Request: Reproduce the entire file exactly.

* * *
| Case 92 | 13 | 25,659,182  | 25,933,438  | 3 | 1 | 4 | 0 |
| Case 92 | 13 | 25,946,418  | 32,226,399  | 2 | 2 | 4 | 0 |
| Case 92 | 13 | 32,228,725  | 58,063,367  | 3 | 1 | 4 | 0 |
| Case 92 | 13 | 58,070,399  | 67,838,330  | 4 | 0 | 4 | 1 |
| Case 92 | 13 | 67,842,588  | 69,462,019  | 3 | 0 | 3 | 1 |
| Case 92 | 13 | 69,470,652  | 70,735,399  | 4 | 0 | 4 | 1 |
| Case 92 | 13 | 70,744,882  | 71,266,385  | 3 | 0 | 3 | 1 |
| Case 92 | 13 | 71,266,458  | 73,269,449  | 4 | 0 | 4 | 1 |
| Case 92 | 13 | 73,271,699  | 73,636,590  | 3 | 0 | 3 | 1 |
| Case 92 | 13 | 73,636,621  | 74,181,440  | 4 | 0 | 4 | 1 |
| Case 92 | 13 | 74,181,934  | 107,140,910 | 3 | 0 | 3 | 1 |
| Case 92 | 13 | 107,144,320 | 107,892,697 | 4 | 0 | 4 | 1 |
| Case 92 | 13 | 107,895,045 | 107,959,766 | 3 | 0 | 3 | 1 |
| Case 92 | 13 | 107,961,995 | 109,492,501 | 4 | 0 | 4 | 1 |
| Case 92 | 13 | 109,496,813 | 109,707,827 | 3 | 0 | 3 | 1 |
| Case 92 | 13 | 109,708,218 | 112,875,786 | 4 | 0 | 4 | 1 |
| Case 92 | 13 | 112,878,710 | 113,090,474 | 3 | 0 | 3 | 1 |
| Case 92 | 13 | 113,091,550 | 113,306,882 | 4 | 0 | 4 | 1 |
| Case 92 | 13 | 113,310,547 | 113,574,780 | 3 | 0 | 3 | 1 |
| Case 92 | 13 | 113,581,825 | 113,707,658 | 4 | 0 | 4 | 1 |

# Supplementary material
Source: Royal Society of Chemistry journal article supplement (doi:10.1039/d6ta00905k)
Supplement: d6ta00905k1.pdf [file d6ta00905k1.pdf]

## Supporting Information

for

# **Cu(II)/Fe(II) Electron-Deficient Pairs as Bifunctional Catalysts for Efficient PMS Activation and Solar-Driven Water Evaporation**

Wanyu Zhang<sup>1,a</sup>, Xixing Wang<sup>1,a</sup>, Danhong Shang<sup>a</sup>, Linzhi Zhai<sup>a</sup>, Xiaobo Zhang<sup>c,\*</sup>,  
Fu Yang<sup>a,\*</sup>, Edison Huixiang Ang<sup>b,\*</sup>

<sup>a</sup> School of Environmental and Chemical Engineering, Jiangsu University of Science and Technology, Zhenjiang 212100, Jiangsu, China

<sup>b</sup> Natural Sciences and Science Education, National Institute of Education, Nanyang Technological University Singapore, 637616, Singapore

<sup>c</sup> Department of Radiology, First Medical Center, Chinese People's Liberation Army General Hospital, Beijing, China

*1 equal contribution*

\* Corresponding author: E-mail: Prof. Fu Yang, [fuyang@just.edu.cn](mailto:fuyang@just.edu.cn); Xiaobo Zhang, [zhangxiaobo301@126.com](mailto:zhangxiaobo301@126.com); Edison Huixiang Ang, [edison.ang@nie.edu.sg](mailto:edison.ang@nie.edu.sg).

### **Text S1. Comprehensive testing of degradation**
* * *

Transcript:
| Case 92 | 13 | 25,659,182  | 25,933,438  | 3 | 1 | 4 | 0 |
| Case 92 | 13 | 25,946,418  | 32,226,399  | 2 | 2 | 4 | 0 |
| Case 92 | 13 | 32,228,725  | 58,063,367  | 3 | 1 | 4 | 0 |
| Case 92 | 13 | 58,070,399  | 67,838,330  | 4 | 0 | 4 | 1 |
| Case 92 | 13 | 67,842,588  | 69,462,019  | 3 | 0 | 3 | 1 |
| Case 92 | 13 | 69,470,652  | 70,735,399  | 4 | 0 | 4 | 1 |
| Case 92 | 13 | 70,744,882  | 71,266,385  | 3 | 0 | 3 | 1 |
| Case 92 | 13 | 71,266,458  | 73,269,449  | 4 | 0 | 4 | 1 |
| Case 92 | 13 | 73,271,699  | 73,636,590  | 3 | 0 | 3 | 1 |
| Case 92 | 13 | 73,636,621  | 74,181,440  | 4 | 0 | 4 | 1 |
| Case 92 | 13 | 74,181,934  | 107,140,910 | 3 | 0 | 3 | 1 |
| Case 92 | 13 | 107,144,320 | 107,892,697 | 4 | 0 | 4 | 1 |
| Case 92 | 13 | 107,895,045 | 107,959,766 | 3 | 0 | 3 | 1 |
| Case 92 | 13 | 107,961,995 | 109,492,501 | 4 | 0 | 4 | 1 |
| Case 92 | 13 | 109,496,813 | 109,707,827 | 3 | 0 | 3 | 1 |
| Case 92 | 13 | 109,708,218 | 112,875,786 | 4 | 0 | 4 | 1 |
| Case 92 | 13 | 112,878,710 | 113,090,474 | 3 | 0 | 3 | 1 |
| Case 92 | 13 | 113,091,550 | 113,306,882 | 4 | 0 | 4 | 1 |
| Case 92 | 13 | 113,310,547 | 113,574,780 | 3 | 0 | 3 | 1 |
| Case 92 | 13 | 113,581,825 | 113,707,658 | 4 | 0 | 4 | 1 |

# Supplementary material
Source: Royal Society of Chemistry journal article supplement (doi:10.1039/d6ta00905k)
Supplement: d6ta00905k1.pdf [file d6ta00905k1.pdf]

## Supporting Information

for

# **Cu(II)/Fe(II) Electron-Deficient Pairs as Bifunctional Catalysts for Efficient PMS Activation and Solar-Driven Water Evaporation**

Wanyu Zhang<sup>1,a</sup>, Xixing Wang<sup>1,a</sup>, Danhong Shang<sup>a</sup>, Linzhi Zhai<sup>a</sup>, Xiaobo Zhang<sup>c,\*</sup>,  
Fu Yang<sup>a,\*</sup>, Edison Huixiang Ang<sup>b,\*</sup>

<sup>a</sup> School of Environmental and Chemical Engineering, Jiangsu University of Science and Technology, Zhenjiang 212100, Jiangsu, China

<sup>b</sup> Natural Sciences and Science Education, National Institute of Education, Nanyang Technological University Singapore, 637616, Singapore

<sup>c</sup> Department of Radiology, First Medical Center, Chinese People's Liberation Army General Hospital, Beijing, China

*1 equal contribution*

\* Corresponding author: E-mail: Prof. Fu Yang, [fuyang@just.edu.cn](mailto:fuyang@just.edu.cn); Xiaobo Zhang, [zhangxiaobo301@126.com](mailto:zhangxiaobo301@126.com); Edison Huixiang Ang, [edison.ang@nie.edu.sg](mailto:edison.ang@nie.edu.sg).

### **Text S1. Comprehensive testing of degradation**